Marco Maria Zanin was born in Padua in October 1983.
He first took a degree in Literature and Philosophy, and then in International Relations, obtaining a Master’s degree in Psychology. At the same time he developed his artistic career, and travelled widely in different parts of the world, putting into practice the “displacement” so essential for a critical analysis of social contexts, and to fuel his research aimed at identifying the common spaces of the human community.
Myth and archetype as the submerged matrices of modern behaviour are the focus of his investigation, which is based on observation of the relationship between man, territory and time.
Lives and works between Padua and São Paulo, Brazil.
The consistency of memory is severely tested by the dynamics of the post-modern metropolis. The material supports on which it rests, whether they are monuments, old buildings, objects or family albums, are regularly swallowed up or demolished by the effects of a blind force that impels towards the new, towards the greatest profit, that rapidly transforms the social and urban fabric of cities and leaves its inhabitants rootless.
San Paolo in Brazil is the biggest “Italian” city after Rome. Starting in 1865, it was here that much of the great immigration wave from Italy, and especially the Veneto countryside, came from across the sea.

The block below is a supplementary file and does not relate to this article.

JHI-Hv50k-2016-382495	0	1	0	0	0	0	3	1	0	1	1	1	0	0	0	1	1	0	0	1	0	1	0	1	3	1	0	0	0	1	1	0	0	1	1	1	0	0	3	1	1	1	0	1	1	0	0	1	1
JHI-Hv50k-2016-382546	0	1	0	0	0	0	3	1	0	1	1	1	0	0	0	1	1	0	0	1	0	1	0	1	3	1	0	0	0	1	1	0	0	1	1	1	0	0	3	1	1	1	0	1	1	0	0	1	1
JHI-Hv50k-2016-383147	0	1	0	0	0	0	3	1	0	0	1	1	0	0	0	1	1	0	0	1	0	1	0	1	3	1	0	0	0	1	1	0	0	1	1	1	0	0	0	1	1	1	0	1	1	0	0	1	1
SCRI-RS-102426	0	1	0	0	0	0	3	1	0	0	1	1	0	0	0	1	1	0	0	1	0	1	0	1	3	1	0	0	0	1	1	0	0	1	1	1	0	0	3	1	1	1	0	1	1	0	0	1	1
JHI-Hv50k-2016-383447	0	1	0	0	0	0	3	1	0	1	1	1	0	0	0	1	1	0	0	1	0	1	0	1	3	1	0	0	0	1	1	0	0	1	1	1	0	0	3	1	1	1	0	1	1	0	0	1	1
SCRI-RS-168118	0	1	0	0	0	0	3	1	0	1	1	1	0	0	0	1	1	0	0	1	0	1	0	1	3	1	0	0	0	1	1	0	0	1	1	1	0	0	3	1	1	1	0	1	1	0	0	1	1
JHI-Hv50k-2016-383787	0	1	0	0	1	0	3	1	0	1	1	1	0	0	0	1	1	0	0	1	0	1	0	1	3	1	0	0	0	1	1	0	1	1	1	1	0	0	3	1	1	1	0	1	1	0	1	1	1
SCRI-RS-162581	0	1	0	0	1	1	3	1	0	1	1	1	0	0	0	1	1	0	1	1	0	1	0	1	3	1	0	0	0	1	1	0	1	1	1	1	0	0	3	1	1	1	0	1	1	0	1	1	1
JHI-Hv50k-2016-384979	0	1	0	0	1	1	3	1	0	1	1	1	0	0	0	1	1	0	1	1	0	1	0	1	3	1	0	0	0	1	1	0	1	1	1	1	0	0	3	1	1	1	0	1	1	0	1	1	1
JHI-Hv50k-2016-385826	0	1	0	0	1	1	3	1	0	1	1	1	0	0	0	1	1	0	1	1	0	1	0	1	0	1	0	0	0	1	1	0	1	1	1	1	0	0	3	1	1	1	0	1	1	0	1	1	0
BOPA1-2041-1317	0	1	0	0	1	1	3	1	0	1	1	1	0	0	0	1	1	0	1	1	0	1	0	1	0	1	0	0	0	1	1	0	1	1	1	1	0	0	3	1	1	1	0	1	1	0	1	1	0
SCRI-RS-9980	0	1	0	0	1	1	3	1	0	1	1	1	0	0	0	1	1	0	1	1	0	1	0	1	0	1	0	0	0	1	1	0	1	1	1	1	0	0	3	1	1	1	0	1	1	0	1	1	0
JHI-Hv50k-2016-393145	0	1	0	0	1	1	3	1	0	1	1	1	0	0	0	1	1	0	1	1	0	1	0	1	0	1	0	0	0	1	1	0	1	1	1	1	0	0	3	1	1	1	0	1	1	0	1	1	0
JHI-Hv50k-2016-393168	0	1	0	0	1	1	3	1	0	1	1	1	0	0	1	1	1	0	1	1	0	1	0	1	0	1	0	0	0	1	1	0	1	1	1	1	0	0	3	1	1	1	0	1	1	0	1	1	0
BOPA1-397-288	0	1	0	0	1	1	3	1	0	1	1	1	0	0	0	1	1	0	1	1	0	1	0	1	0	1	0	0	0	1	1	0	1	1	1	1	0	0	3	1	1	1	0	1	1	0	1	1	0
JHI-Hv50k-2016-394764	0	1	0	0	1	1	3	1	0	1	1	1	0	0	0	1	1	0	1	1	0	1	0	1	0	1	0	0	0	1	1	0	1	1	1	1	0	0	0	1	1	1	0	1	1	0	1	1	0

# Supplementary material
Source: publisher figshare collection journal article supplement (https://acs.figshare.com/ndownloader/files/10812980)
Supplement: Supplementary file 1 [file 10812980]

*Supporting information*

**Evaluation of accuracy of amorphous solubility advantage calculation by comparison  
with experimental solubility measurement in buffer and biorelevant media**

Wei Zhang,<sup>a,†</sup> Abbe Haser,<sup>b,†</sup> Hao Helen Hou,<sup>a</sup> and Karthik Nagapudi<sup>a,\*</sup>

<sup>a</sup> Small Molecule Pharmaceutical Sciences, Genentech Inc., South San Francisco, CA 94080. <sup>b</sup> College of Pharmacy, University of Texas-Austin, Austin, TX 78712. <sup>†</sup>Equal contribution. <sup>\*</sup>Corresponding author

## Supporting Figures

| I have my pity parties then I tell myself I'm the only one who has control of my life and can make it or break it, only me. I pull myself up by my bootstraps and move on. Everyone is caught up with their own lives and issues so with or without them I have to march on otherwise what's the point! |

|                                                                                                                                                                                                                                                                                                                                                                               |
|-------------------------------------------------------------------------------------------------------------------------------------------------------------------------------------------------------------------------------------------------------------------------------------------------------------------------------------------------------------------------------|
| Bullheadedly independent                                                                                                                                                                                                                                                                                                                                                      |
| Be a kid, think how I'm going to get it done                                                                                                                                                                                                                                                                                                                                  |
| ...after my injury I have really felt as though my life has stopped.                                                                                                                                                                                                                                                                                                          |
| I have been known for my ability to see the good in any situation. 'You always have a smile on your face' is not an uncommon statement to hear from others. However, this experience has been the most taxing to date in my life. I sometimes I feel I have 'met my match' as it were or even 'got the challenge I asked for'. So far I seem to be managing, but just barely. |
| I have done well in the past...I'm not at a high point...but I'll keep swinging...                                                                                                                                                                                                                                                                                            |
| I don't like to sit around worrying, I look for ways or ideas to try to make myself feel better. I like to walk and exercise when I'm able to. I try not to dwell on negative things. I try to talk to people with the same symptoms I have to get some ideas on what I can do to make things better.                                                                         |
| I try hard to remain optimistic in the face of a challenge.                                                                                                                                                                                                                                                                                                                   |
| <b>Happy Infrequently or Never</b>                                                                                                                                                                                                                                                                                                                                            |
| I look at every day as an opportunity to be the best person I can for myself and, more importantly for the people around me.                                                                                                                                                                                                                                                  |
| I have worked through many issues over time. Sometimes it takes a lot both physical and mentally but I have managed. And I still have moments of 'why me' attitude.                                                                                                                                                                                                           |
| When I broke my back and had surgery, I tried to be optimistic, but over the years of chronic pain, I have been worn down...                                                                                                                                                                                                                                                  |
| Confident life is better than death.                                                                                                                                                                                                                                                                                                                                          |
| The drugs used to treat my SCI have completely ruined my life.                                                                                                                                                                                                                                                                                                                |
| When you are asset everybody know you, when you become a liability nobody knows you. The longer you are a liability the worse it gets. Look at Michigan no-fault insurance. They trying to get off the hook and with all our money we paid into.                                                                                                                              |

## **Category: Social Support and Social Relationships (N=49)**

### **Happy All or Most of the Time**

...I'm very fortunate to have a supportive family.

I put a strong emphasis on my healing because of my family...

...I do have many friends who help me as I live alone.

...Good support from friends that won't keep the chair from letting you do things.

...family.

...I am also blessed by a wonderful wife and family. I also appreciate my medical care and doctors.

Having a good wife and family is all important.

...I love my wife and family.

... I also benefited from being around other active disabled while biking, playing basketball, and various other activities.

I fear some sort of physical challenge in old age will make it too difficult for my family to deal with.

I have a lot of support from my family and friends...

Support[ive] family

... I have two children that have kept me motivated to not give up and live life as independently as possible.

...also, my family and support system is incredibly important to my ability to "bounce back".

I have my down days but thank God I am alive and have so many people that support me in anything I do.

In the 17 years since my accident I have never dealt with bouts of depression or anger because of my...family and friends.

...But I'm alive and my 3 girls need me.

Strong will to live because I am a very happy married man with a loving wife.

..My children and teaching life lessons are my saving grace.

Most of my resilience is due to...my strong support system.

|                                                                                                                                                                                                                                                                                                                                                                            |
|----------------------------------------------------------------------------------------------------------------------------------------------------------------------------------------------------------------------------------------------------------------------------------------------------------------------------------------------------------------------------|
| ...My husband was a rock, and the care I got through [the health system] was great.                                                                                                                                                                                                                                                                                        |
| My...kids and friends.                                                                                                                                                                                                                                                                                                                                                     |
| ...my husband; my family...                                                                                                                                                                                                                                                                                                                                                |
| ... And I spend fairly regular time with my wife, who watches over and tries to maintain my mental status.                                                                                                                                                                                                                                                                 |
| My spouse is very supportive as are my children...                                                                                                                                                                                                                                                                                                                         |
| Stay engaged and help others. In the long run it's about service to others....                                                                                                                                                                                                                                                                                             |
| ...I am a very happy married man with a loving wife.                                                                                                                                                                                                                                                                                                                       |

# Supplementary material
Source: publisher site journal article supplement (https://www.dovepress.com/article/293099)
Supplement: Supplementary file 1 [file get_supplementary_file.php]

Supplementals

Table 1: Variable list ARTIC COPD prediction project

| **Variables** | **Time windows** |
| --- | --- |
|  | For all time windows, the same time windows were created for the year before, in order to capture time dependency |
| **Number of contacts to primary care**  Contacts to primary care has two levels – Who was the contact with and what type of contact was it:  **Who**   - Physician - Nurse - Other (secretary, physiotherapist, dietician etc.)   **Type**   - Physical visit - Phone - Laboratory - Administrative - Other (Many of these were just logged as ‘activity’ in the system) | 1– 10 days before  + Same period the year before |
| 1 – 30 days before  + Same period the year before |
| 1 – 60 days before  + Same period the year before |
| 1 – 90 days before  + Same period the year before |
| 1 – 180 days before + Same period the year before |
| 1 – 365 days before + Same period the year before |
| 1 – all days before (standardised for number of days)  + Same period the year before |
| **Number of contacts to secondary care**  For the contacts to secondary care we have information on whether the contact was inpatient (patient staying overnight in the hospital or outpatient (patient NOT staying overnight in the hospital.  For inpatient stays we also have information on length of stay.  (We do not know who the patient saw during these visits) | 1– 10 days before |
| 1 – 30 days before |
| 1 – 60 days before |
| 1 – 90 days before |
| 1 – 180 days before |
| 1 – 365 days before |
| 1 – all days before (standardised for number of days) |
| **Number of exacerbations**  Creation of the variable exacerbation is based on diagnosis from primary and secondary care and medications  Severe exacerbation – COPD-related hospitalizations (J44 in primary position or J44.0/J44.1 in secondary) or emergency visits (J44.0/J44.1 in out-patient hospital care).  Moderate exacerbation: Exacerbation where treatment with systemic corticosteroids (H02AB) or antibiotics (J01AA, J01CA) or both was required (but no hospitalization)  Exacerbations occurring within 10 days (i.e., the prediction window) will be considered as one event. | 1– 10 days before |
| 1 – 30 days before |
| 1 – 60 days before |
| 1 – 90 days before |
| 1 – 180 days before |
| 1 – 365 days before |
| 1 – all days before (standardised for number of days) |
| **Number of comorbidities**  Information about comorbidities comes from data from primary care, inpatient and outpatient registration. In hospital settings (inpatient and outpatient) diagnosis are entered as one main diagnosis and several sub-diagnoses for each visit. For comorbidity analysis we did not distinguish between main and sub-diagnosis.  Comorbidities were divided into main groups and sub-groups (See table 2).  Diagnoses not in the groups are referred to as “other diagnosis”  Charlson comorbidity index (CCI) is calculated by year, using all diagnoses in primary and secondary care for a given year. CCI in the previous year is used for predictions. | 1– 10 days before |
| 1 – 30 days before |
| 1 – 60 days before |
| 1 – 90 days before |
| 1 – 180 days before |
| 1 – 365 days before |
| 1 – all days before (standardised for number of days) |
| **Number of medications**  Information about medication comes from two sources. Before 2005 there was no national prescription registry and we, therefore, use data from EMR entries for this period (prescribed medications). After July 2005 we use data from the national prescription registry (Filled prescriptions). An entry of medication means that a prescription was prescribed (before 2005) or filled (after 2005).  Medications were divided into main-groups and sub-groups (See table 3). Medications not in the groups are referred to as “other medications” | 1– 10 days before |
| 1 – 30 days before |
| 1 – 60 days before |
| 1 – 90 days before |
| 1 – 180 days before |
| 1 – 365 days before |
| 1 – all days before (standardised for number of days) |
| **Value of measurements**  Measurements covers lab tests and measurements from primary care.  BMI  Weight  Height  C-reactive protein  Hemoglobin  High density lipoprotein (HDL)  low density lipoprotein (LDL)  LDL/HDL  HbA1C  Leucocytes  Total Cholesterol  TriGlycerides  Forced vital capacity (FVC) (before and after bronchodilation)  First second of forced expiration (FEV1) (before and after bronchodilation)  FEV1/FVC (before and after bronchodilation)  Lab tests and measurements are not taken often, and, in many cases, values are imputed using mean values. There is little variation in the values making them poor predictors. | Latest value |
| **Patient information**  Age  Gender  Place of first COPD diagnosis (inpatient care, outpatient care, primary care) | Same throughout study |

Today it is a metropolis with 20 million inhabitants, cultural capital of one of the most dynamic emerging economies, a complex, gigantic and chaotic organism where a multitude of stories, ethnic groups, religions and social classes coexist and butt heads in a continual race towards the future.
Os Argonautas is the desire to immerse myself in this tumult and reassemble the remains of a memory that has linked the histories of two countries, contributing to the economic and cultural development of both, a peculiar form of an age-old practice, that of the journey towards a better destiny.
Among the Argonauts who landed in Brazil there were successful entrepreneurs, artists and other significant figures, but the protagonists of this survey are those more humble agricultural workers and artisans who left their land as the only alternative to poverty. They are often faceless because their identities have been lost in the mists of time and nameless because history did not bother to record them.
Their presence is overwhelmed by the weight and noise of time, made even more acute by the rhythms of the city. Few signs remain, the odd memory intertwined with a dream, shapes that take on other shapes, Re-emerged material, now ready to be worked.